Cybernews podcast #35: AI-supported attacks of the future

The future is impossible to see – we often don’t notice a new danger until the beast charges. Yet we can try, and it’s the future of hacking, both offensive and defensive, we simply need to look at today in order to be safer tomorrow.

How is the hacking world changing? How do new artificial intelligence (AI) tools help both the attackers and the defenders?

To discuss the ins and outs of the newest trends in the world of hacking and anti-hacking tools, Cybernews senior journalist Gintaras Radauskas is joined by Jurgita Lapienytė, Cybernews editor-in-chief, and Vincentas Baubonis, the head of Security Research.

Cybercriminals, including nation-state threat actors, are increasingly exploiting AI technologies. It’s not surprising in the least – AIs never rest and can analyze massive amounts of data to find patterns a human might not notice.

But in the case of bad actors, often with substantial resources, they can access and exploit advanced AI tools maliciously and on an industrial scale. Text-based scams are now supported by large language models, and there’s an epidemic of deepfakes.

In Hong Kong, an IT firm worker recently transferred more than $25 million to criminals after they used a deepfake to impersonate the company’s chief financial officer on a video call, for example.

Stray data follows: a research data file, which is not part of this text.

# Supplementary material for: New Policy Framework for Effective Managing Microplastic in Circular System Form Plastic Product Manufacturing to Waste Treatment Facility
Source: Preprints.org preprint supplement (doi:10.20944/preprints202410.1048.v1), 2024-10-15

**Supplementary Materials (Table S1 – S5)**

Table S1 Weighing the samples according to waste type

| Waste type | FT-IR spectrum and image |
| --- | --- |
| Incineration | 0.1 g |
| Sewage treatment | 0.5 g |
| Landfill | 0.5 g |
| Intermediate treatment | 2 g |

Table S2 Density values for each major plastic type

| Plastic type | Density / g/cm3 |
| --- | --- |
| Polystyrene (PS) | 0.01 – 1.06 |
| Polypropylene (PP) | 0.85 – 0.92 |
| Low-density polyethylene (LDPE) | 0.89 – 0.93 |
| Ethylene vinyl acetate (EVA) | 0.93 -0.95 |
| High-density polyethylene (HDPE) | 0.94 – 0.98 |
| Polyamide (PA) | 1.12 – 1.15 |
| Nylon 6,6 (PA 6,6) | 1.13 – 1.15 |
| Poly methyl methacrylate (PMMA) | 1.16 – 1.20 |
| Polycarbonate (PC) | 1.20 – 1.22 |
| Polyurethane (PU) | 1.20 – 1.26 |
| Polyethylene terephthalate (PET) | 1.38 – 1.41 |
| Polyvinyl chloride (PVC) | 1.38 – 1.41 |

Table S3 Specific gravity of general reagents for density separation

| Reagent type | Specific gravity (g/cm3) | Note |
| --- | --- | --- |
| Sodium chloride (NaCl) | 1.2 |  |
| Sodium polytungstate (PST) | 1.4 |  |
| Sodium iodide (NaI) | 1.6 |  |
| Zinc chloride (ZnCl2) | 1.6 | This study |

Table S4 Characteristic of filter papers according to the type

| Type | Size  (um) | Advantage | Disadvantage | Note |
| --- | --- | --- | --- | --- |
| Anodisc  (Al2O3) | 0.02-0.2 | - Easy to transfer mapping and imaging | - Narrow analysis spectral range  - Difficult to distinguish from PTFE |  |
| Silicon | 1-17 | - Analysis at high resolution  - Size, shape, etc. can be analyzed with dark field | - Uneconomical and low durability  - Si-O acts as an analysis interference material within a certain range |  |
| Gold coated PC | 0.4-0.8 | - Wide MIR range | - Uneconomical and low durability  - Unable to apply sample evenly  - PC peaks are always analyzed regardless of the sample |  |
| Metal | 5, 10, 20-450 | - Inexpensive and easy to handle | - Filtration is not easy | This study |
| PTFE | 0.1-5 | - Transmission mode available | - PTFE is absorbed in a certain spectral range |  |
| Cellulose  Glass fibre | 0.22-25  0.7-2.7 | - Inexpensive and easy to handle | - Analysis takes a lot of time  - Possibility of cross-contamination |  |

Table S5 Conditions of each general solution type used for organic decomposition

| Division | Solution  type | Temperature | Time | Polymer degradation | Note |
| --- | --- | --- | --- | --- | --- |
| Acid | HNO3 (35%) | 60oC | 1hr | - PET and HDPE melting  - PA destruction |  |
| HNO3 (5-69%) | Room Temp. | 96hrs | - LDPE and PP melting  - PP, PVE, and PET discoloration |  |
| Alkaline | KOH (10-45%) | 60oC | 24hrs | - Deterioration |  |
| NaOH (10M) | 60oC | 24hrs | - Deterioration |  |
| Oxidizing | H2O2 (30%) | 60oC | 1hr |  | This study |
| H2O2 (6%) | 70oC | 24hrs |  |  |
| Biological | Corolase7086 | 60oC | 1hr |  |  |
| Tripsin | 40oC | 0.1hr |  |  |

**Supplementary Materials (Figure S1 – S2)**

The cost of creating content for influence operations has also already dropped significantly, making it easier to clone websites or create fake media outlets, Lapienytė points out. The entry barrier is lower every day.

Generative AI is expected to expedite threat actors' ability to carry out reconnaissance of critical infrastructure facilities and glean information that could be of strategic use in follow-on attacks.

However, the cyber defense industry is not snoozing, either. It’s proven it can also play an effective cat-and-mouse game, says Baubonis. According to him, machine learning has long been used in detection of spam, phishing and other malicious email campaigns and individual emails.

Still, AI is not a cybersecurity panacea – it should be used cautiously and always overseen by us, humans. Baubonis agrees: we need human critical thinking to use AI to solve and prevent problems.

“AI is currently at a state where it is more an augmented intelligence rather than a fully autonomous AI. A constant watchful eye of security specialists to monitor implemented algorithm's work is still needed. The tools help a lot but they’re nowhere near the ‘plug-and- play’ principle at the moment,” says Baubonis.

In other words, dear cybercriminal or cyber defender, even if you manage to code generate something because you don’t know how to write it yourself, you by definition cannot review it without going through an effort equivalent to writing it yourself in the first place.

More from Cybernews:

The $100 cybersecurity budget – how cyber pros would spend it

New AI act forces companies to disclose use of copyrighted content

Cybergang attack Germany using AI-generated code

Apple warns of 'mercenary spyware attack'

LockBit bungles attempt to rebrand as DarkVault

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